My husband and I like to look through our local farm listings to find tools or animals for the homestead. It gives us the chance to make friends, learn information about our area, and acquire stock that is more acclimated to our Ozark home.
The last time we were scrolling through the pages of tractors, free roosters, and bales of hay, I glanced at what seemed to me a monster of a goat. Not in a scary way per say, but certainly not the gentle, graceful shape of the Saanen, the hilarious barrel-with-legs of the American Pygmy, or the perky, adorable pose of a Nigerian Dwarf.
“Is that a goat or a bull masquerading as one?” I joked, and clicked on the listing.
Indeed, it was a goat, a full-blooded Boer buck with massive neck muscles half-hidden beneath a manly beard, a chest like a body-builder, and a stance that seemed to say “Run while you still can.”
Maybe you’ve also been impressed by these giant meat Boer goats while strolling through a county fair, or you’ve enjoyed them more viscerally in a spicy curry. Either way, Boers aren’t easily forgotten. If you have the space for them, these buff caprines can be a fantastic way to secure a source of meat for your homestead, and even a little side income.
Goats are sometimes called the poor man’s cow since they can subsist on far less feed and space than a cow, but after you’ve been able to harvest a freezer full of meat from your fields, you’ll hardly feel impoverished. Let’s delve into the breed and find out if raising Boer goats on your homestead is the right fit for you.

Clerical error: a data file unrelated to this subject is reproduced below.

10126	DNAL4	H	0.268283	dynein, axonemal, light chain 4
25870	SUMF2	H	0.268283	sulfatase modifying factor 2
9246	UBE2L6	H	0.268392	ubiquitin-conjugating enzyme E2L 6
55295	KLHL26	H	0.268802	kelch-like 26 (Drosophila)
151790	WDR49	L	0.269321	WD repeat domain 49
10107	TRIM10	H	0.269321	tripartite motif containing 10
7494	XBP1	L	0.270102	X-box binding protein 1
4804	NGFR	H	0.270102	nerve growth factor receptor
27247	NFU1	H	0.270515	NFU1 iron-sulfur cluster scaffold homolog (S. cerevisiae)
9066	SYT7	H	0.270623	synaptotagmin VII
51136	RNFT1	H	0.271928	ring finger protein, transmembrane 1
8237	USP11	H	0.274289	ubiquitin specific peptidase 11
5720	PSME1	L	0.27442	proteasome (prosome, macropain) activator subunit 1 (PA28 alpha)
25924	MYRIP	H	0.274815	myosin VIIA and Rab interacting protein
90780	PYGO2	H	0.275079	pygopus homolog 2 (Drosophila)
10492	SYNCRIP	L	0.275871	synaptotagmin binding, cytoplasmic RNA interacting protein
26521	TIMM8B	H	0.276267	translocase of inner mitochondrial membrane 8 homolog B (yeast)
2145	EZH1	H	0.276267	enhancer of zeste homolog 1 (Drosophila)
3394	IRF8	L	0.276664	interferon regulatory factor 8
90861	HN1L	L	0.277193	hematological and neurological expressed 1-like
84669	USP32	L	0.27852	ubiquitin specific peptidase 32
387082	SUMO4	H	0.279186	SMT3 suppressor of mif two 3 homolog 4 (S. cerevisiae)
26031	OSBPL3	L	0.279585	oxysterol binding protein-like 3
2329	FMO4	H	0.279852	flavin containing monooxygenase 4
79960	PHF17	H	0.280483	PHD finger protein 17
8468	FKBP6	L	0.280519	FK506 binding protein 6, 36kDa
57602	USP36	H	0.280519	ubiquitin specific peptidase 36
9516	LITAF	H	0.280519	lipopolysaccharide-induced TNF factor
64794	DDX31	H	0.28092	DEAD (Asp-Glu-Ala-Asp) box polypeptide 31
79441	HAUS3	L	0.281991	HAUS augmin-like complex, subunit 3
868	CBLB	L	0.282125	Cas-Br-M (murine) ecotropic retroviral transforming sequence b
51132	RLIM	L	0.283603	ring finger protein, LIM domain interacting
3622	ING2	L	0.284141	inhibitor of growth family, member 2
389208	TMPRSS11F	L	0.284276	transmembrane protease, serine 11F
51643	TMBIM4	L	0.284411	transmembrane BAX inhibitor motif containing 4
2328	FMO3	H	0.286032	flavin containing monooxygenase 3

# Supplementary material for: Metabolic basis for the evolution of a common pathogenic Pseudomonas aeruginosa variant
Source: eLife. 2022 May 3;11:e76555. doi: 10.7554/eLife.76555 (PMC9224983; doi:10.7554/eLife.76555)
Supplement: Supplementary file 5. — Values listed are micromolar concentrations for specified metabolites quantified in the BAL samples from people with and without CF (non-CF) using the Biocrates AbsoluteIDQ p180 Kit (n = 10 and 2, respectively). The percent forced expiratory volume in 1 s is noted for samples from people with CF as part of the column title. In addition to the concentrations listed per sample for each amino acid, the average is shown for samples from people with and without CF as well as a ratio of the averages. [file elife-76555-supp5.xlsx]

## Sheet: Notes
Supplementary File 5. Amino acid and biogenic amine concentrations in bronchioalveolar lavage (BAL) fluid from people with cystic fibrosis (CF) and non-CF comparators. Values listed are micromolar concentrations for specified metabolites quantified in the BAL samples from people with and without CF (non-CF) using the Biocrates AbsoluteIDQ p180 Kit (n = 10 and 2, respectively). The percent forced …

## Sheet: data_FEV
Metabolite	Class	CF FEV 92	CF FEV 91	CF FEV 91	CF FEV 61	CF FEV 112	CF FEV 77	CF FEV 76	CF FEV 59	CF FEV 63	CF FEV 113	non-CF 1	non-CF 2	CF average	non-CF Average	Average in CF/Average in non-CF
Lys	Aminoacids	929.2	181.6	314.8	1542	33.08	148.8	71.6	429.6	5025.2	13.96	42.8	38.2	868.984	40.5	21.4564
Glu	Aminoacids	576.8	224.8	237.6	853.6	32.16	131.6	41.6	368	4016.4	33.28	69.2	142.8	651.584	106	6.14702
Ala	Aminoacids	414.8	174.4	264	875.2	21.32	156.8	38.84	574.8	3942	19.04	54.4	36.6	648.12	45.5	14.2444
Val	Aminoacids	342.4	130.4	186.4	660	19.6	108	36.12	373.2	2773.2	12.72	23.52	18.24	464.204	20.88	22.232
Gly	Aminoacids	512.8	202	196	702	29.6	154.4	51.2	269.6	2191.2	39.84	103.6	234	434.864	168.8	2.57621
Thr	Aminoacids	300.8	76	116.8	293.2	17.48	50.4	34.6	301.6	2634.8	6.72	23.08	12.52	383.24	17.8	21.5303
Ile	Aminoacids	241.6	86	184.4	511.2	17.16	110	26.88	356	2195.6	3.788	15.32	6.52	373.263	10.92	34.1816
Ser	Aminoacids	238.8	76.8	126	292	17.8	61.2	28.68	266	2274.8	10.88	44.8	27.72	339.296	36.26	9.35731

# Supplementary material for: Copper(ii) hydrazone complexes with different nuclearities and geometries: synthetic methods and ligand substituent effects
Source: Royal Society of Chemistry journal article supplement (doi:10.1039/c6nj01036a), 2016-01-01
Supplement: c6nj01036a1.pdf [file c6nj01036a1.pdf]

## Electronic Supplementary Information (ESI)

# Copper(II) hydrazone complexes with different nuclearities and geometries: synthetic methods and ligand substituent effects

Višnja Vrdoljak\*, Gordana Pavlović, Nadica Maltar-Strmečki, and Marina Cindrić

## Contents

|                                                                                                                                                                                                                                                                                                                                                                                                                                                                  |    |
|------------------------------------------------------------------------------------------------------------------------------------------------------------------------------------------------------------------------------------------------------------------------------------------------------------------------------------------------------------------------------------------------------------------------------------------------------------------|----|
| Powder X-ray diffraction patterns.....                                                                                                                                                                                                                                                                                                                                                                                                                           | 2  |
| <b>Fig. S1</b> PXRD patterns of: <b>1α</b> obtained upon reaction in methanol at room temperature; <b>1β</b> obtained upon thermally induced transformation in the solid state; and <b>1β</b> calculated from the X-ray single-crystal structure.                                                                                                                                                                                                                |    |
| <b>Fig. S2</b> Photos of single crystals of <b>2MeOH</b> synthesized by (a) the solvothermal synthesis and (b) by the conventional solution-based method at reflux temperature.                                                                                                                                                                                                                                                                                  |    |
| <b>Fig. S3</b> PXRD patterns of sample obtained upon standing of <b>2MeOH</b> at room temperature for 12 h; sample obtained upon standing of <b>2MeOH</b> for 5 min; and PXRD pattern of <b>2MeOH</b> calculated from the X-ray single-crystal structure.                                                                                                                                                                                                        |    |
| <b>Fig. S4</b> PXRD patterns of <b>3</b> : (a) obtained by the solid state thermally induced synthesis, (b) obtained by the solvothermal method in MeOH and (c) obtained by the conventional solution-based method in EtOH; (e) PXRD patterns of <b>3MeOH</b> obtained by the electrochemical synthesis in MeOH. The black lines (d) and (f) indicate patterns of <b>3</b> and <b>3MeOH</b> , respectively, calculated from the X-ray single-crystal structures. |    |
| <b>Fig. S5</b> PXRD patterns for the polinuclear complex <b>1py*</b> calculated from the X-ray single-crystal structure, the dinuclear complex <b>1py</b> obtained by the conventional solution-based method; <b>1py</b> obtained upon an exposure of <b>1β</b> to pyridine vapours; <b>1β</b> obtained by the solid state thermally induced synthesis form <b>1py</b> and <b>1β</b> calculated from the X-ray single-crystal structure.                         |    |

Boer Goat Description And Characteristics
Boer goats are the main meat goat raised in the United States, but this isn’t their birthplace. They’ve only been in the country since the early 1990s. Someone with a linguistic bent may be able to detect the Afrikaans name (it translates to the word farmer) and correctly infer that these burly goats originally hail from South Africa. Before the breed was developed in the 1900s, most goat meat was taken from unwanted dairy bucks, feral goats, or Spanish breeds, but once the fast-growing Boer goats hit the market, they took it over.
The typical Boer head displays a Roman nose, slightly curled horns, and long, hanging ears. A purebred Boer is typically white with a characteristic reddish-brown head, though they can also be all-brown, all-white, or display large spots of some other color (this is termed “paint”).
Goats used for exhibition or for commercial breeding are usually selected to be as big and fast-growing as possible, making their bloodlines command top dollar. Depending on those bloodlines — which vary widely — they can reach up to 230 pounds (and some bucks up to a whopping 340 pounds).
Due to their desirable growth traits, Boers are often crossed with other goat breeds to make meaty offspring. As a result, there are many cross-bred animals that you may find during your search for the perfect goat. The Boer you can acquire from your local farm listings will be a good contribution to your herd, but probably won’t achieve the extremes of weight or growth that the most prized strains do.